KEESLER AIR FORCE BASE, Miss. --
(Editor’s note: More than 100 Air Force Reserve aeromedical evacuation specialists – flight nurses, aeromedical evacuation technicians and support personnel – answered the call and were mobilized in support of COVID-19 response efforts in April. Capt. Alyssa Sandquist, a traditional Reservist flight nurse assigned to the 36th Aeromedical Evacuation Squadron at Keesler Air Force Base, Mississippi, was one of them. This is her story.)
Without knowing where she was going or for how long, Capt. Alyssa Sandquist answered with a resounding “yes” when the Air Force Reserve asked for aeromedical evacuation specialists to volunteer to support COVID-19 relief efforts this spring.
In April, Sandquist, a traditional Reservist flight nurse with the 36th Aeromedical Evacuation Squadron at Keesler Air Force Base, Mississippi, was temporarily assigned to the 10th Expeditionary Aeromedical Evacuation Flight at Ramstein Air Base, Germany. The mission: transport COVID-19-positive individuals in the European and African Command areas of responsibility from places not equipped to care for these patients to health care facilities capable of caring for them.
While she assisted in transporting numerous patients between April and September, Sandquist said the first patient she worked with was one of the most memorable.
“My very first mission, we actually transported the first critical-care patient, and he was very unstable,” she said. “We made the decision on the flight line to intubate him and put him on a ventilator, and it saved his life. Honestly, we weren’t sure he was going to make it long after we got him to Ramstein. But, we found out later that he was making a steady recovery.”
While Sandquist’s first patient was in urgent need of care, she said that was not the case for all of her transfers.
“If they had an asymptomatic patient sitting in a place that had limited capabilities, they were still evacuating those people,” she said. “Because COVID was so unpredictable and the deterioration so rapid, it could take just a few hours and those places would not have had the capabilities to care for them.”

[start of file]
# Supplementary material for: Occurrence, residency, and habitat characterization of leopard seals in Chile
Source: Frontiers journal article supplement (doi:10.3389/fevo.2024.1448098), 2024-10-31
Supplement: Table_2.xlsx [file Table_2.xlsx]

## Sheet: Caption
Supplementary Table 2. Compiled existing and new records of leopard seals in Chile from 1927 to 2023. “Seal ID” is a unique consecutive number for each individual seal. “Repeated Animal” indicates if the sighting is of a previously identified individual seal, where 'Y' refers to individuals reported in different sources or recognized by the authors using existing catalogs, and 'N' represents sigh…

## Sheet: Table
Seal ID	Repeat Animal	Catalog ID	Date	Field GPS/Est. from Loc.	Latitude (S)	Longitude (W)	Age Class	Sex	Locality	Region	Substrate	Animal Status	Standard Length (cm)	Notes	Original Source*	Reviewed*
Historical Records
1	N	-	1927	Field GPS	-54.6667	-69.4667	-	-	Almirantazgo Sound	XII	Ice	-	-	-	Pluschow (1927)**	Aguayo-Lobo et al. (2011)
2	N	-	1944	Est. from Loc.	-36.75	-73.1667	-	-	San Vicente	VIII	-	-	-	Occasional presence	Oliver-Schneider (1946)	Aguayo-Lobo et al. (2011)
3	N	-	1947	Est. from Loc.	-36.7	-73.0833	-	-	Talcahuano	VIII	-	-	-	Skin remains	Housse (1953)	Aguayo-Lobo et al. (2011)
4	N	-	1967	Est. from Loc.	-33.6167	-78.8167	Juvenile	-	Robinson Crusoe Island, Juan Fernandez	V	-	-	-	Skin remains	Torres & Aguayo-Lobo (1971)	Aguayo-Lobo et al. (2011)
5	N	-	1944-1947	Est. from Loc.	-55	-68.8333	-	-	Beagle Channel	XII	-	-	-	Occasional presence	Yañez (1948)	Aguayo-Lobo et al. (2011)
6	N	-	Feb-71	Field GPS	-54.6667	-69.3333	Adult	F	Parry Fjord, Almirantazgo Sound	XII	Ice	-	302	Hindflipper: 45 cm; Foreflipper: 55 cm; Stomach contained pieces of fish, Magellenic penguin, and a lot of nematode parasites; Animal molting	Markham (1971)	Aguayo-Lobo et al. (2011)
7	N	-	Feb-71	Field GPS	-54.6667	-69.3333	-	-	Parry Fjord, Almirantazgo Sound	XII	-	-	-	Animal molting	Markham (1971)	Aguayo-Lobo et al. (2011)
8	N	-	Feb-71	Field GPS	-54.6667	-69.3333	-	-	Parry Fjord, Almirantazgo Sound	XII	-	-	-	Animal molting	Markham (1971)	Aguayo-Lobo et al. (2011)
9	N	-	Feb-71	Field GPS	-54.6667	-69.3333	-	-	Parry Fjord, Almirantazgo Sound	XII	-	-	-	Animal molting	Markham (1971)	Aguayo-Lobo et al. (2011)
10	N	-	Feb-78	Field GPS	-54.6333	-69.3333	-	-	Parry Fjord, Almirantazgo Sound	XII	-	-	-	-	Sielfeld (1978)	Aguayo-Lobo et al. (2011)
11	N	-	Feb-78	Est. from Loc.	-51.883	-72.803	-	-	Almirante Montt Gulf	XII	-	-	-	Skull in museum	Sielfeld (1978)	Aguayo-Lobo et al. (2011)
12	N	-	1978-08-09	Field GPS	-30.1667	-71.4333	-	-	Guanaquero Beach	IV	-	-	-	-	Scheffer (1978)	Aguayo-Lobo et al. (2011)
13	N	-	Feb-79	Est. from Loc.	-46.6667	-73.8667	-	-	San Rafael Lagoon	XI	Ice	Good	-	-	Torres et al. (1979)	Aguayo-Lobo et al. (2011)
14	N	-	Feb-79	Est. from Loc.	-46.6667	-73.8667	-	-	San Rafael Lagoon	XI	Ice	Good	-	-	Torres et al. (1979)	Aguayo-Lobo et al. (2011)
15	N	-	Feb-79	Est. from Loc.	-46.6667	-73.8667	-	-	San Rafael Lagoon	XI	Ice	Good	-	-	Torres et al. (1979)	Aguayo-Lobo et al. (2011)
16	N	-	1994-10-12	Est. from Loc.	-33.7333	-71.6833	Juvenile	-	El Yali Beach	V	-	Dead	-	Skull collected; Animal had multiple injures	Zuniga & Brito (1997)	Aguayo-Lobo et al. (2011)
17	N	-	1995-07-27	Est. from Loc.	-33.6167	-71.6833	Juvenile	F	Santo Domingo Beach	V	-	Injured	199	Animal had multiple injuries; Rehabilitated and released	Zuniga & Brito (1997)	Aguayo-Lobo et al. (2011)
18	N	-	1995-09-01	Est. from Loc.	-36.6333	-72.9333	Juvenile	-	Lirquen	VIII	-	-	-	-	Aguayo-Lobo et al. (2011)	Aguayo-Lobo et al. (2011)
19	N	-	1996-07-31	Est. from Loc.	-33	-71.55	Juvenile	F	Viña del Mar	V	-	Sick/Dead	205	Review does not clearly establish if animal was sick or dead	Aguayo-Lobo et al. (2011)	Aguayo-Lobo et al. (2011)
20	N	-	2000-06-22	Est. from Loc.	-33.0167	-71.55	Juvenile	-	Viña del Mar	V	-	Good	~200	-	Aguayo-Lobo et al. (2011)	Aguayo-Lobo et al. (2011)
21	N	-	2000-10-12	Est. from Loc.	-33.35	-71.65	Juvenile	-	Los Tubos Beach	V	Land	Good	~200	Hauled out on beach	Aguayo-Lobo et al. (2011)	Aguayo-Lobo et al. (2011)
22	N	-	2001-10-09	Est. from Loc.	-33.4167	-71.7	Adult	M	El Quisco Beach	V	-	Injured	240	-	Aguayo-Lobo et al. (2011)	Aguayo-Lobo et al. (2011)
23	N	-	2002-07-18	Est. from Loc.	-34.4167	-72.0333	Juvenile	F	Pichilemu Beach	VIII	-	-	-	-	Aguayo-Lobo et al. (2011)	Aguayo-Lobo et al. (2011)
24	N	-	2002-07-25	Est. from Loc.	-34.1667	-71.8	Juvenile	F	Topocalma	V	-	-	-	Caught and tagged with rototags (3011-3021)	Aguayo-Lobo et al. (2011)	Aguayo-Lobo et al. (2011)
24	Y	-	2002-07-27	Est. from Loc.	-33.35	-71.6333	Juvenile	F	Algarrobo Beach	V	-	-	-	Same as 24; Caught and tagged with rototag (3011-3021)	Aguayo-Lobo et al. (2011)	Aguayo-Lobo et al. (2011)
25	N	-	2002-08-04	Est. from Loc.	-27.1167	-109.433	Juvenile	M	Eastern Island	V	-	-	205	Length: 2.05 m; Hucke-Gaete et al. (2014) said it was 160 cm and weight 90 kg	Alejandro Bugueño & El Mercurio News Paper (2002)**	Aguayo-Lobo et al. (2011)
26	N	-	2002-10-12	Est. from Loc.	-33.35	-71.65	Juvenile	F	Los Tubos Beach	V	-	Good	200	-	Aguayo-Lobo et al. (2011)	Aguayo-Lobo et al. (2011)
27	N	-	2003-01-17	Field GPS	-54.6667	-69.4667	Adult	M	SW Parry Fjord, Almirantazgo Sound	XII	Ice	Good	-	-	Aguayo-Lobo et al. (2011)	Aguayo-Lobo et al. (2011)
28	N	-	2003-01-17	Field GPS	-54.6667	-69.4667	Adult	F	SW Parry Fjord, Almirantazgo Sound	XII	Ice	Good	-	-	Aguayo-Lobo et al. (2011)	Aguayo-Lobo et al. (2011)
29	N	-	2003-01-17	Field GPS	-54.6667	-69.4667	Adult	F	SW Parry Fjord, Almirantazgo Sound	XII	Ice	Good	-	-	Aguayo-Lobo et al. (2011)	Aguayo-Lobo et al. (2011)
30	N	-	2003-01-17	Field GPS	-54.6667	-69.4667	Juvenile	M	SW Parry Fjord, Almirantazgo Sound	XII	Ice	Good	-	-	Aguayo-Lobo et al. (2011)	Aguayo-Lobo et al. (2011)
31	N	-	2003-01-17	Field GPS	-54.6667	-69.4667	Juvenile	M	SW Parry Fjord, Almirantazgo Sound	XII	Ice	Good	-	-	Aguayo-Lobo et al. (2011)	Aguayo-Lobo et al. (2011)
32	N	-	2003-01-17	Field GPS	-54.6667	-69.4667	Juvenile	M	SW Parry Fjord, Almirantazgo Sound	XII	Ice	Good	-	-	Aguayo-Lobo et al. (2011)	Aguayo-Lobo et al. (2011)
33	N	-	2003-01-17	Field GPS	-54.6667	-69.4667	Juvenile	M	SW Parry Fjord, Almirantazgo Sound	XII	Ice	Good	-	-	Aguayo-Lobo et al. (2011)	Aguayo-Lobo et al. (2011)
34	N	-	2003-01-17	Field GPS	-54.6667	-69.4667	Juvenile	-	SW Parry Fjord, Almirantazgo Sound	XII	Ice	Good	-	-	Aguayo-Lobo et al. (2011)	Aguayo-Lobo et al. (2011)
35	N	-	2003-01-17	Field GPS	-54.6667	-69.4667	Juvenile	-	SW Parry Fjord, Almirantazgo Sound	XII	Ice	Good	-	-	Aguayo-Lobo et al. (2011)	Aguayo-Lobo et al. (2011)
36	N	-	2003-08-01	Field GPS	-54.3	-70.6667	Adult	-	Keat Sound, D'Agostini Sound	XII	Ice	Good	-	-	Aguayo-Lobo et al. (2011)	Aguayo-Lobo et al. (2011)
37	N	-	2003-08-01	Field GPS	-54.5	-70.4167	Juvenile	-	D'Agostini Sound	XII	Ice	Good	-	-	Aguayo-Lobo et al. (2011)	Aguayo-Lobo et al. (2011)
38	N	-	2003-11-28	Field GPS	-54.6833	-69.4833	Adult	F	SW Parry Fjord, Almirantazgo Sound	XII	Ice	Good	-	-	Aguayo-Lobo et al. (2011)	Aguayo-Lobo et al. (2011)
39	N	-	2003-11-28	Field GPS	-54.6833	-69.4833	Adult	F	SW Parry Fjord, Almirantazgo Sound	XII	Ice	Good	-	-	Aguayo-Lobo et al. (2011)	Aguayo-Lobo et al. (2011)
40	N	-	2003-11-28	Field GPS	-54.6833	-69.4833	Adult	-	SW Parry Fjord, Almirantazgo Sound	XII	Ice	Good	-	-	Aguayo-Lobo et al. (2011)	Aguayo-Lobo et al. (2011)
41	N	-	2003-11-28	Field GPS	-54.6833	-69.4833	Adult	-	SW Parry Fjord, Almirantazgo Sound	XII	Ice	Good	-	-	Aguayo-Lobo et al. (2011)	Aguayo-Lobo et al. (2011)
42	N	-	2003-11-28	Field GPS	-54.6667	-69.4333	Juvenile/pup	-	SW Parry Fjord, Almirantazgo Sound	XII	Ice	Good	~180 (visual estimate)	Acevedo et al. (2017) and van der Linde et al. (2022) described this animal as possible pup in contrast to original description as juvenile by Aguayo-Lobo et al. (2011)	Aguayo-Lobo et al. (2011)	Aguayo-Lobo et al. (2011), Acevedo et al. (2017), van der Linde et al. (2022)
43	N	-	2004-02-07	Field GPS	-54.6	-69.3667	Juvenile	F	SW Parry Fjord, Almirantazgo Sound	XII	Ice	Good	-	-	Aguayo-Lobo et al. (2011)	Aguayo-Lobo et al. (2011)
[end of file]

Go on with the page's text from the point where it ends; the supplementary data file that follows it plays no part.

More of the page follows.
To safely transfer patients without risking exposure to the crew on board, in addition to donning head-to-toe personal protective equipment, the 10th EAEF first used the Transport Isolation System. Sandquist said the TIS was originally created for Ebola patients, but was never used. While effective, it could only carry up to four patients.
To maximize mission effectiveness, they replaced the TIS with the Negative Pressure Conex, which could hold up to 23 patients. After Sandquist and her peers trained on it in June, the NPC’s first operational flight was on July 1.
After five months in the COVID fight, Sandquist returned home.
“This was actually longer than a typical deployment for us,” she said. “It took so long to find replacements for us because, typically, the Reservists in these jobs have similar civilian jobs, so they were already fighting COVID on the civilian side. Many couldn’t afford to go on a deployment like this. But, they finally did find replacements.”
Sandquist said her civilian employer was very supportive of her mobilization and she was proud she had the opportunity to serve.
“The whole experience was pretty incredible,” she said. “We were doing a lot of firsts in history, not only in the Air Force or aviation, but firsts in medicine as well. It was such a unique opportunity that hopefully, after this pandemic, no one will ever have again.” #ReserveReady
(Pittman is assigned to the 403rd Wing’s public affairs office.) ■